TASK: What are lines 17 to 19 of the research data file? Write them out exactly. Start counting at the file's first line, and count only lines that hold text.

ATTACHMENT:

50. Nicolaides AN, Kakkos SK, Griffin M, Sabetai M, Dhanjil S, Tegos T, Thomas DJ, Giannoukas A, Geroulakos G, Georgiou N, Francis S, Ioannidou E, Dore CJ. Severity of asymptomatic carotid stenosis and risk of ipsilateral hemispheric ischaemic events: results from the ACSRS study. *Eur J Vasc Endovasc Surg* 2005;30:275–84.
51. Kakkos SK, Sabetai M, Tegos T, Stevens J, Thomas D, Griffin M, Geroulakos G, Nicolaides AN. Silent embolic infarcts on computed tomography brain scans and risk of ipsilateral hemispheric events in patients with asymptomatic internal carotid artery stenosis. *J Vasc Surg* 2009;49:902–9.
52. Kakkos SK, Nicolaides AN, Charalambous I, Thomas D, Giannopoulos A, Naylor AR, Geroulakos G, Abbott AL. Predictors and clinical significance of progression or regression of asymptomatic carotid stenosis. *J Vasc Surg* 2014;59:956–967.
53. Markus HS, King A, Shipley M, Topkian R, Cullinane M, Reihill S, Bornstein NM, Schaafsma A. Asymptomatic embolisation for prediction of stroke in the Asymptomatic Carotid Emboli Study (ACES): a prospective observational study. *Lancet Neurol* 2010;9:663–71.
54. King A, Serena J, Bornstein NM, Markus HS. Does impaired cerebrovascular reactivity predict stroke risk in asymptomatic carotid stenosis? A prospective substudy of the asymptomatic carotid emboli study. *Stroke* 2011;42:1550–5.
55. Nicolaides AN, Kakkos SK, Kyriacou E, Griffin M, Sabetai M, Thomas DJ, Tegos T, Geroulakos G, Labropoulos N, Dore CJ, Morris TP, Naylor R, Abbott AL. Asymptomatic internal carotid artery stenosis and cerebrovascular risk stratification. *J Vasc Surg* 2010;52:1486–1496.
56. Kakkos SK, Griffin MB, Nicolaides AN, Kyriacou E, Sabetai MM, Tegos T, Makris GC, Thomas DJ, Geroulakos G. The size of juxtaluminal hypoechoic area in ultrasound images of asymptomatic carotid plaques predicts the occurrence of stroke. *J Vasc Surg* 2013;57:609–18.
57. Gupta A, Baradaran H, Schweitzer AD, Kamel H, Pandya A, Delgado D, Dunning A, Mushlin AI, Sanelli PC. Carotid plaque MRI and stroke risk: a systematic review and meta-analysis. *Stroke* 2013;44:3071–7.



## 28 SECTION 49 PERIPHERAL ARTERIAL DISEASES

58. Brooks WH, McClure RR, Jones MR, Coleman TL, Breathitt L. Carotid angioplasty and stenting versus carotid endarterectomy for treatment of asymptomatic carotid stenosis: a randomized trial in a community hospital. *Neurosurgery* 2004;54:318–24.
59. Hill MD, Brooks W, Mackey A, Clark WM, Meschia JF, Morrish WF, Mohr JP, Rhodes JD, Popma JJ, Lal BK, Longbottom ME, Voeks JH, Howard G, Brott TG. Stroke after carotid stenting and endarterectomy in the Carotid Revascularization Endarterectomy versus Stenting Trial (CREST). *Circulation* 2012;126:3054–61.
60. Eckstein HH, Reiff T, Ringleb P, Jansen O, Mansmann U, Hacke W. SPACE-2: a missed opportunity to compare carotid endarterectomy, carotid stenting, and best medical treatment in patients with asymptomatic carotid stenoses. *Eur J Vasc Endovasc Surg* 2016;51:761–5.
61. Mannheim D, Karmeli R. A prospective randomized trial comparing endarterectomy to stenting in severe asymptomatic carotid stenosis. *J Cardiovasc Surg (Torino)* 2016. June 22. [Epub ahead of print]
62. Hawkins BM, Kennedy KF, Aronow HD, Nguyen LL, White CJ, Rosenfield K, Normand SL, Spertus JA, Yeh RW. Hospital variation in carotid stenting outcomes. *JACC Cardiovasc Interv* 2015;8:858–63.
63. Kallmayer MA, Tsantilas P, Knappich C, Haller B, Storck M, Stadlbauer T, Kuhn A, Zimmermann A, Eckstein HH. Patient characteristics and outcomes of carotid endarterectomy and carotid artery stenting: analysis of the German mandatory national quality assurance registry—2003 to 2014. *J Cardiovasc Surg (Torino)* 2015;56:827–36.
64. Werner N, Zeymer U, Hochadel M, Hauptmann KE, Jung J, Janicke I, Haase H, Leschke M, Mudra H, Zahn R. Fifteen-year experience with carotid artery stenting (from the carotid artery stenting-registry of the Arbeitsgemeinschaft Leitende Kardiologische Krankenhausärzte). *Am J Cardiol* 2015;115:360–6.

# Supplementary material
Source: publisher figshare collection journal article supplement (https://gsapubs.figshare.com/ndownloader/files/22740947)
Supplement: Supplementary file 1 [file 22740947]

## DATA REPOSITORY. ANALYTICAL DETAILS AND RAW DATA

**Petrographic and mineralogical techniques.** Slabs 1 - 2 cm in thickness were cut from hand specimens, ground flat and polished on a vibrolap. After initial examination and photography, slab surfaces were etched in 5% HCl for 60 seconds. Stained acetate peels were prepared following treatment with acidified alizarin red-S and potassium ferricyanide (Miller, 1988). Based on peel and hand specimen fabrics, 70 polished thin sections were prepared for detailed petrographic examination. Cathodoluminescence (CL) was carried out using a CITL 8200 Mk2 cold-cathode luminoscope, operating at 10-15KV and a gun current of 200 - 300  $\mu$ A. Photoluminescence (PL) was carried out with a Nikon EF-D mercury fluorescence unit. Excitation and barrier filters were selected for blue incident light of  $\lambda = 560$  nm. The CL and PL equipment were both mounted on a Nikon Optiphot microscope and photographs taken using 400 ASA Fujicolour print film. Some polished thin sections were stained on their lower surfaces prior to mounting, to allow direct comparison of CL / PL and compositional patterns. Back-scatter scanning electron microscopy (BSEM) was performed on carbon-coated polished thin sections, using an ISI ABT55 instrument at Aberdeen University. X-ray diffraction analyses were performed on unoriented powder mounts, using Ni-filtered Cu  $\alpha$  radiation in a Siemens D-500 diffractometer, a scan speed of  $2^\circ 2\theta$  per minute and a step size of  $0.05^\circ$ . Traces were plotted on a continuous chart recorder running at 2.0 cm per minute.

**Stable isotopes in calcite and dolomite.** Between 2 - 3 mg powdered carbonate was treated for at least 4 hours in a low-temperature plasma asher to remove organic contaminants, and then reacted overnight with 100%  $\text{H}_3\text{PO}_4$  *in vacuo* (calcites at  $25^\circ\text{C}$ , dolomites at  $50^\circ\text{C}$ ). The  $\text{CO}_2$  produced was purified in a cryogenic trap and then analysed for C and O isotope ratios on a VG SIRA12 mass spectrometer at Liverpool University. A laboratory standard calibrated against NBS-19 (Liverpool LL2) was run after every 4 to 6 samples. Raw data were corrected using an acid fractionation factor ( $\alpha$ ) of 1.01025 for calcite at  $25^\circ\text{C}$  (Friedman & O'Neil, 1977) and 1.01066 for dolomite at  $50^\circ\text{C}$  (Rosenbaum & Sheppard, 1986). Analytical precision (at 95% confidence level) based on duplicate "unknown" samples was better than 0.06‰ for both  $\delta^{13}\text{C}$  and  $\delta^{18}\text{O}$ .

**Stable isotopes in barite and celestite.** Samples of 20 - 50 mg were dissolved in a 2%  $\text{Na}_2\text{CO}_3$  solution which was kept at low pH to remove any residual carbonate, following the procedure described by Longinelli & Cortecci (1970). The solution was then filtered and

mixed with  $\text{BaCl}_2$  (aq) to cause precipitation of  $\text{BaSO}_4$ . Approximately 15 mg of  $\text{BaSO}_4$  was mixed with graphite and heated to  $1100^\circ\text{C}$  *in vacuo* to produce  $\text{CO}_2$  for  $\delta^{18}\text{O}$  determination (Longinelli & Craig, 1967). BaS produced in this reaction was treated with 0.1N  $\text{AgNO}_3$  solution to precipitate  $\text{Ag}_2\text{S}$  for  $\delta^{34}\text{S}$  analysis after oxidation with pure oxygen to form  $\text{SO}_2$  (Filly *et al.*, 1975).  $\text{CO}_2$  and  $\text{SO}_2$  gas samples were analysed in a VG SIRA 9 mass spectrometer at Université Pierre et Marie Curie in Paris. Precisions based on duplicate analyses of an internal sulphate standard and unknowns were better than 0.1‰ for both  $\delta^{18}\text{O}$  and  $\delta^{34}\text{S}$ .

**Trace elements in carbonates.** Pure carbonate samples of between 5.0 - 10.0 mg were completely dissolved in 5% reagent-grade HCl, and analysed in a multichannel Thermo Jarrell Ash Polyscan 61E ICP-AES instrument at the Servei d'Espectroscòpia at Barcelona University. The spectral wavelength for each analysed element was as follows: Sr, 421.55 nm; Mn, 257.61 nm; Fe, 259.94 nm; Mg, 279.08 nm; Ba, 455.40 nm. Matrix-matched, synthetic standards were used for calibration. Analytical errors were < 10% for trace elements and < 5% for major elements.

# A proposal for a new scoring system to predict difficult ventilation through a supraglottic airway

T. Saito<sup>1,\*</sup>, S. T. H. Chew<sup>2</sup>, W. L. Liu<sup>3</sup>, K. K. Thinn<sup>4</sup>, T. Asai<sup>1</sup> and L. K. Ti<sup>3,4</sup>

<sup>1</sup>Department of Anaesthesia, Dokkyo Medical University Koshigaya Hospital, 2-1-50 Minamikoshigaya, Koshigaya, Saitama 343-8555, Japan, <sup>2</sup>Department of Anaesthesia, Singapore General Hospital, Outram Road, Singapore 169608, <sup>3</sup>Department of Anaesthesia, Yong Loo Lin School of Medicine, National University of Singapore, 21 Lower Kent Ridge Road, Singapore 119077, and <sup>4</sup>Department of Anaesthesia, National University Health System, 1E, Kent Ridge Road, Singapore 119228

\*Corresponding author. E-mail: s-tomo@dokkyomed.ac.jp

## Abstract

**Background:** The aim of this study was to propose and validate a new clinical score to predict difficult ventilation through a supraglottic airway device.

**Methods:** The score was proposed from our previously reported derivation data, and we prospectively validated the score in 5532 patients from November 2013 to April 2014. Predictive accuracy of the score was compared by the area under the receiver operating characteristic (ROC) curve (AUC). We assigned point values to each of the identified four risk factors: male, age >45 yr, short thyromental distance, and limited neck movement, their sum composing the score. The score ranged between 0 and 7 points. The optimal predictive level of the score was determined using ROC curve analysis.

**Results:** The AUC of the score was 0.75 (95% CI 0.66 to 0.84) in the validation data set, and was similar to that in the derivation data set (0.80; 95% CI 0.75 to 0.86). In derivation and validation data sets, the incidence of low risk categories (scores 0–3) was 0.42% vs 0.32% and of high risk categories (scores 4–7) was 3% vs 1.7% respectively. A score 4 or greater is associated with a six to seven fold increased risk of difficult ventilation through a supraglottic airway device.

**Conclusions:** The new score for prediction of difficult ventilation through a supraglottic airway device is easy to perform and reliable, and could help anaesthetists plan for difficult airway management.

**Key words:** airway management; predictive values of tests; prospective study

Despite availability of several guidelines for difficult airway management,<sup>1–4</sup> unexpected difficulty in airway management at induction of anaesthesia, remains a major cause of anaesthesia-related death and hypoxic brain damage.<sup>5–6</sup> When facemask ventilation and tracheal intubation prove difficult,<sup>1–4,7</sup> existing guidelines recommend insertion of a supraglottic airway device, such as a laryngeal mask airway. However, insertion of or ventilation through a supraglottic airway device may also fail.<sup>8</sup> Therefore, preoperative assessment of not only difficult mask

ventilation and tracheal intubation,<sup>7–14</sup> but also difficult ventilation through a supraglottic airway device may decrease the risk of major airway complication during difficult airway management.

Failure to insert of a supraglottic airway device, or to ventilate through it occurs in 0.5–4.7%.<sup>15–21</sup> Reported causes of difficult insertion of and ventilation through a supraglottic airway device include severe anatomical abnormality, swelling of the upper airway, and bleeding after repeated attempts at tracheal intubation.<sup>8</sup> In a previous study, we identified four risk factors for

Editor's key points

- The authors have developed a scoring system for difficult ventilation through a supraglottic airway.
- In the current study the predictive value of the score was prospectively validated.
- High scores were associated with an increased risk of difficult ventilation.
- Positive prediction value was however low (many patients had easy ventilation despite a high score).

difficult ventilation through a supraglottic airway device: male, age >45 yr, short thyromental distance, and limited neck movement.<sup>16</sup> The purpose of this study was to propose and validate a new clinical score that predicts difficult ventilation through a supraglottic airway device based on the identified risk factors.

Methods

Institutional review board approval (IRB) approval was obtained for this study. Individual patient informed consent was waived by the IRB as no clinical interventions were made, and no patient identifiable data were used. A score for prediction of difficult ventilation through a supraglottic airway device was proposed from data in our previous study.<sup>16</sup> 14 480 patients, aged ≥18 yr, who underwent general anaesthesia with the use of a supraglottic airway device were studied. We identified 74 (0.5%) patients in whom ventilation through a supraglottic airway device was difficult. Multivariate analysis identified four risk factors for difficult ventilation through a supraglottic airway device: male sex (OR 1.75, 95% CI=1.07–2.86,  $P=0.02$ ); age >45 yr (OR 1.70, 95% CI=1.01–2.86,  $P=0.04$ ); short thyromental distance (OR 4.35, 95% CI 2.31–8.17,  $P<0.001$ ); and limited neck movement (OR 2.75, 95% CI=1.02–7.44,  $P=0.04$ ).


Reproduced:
# Supplementary material
Source: publisher figshare collection journal article supplement (https://gsapubs.figshare.com/ndownloader/files/22740947)
Supplement: Supplementary file 1 [file 22740947]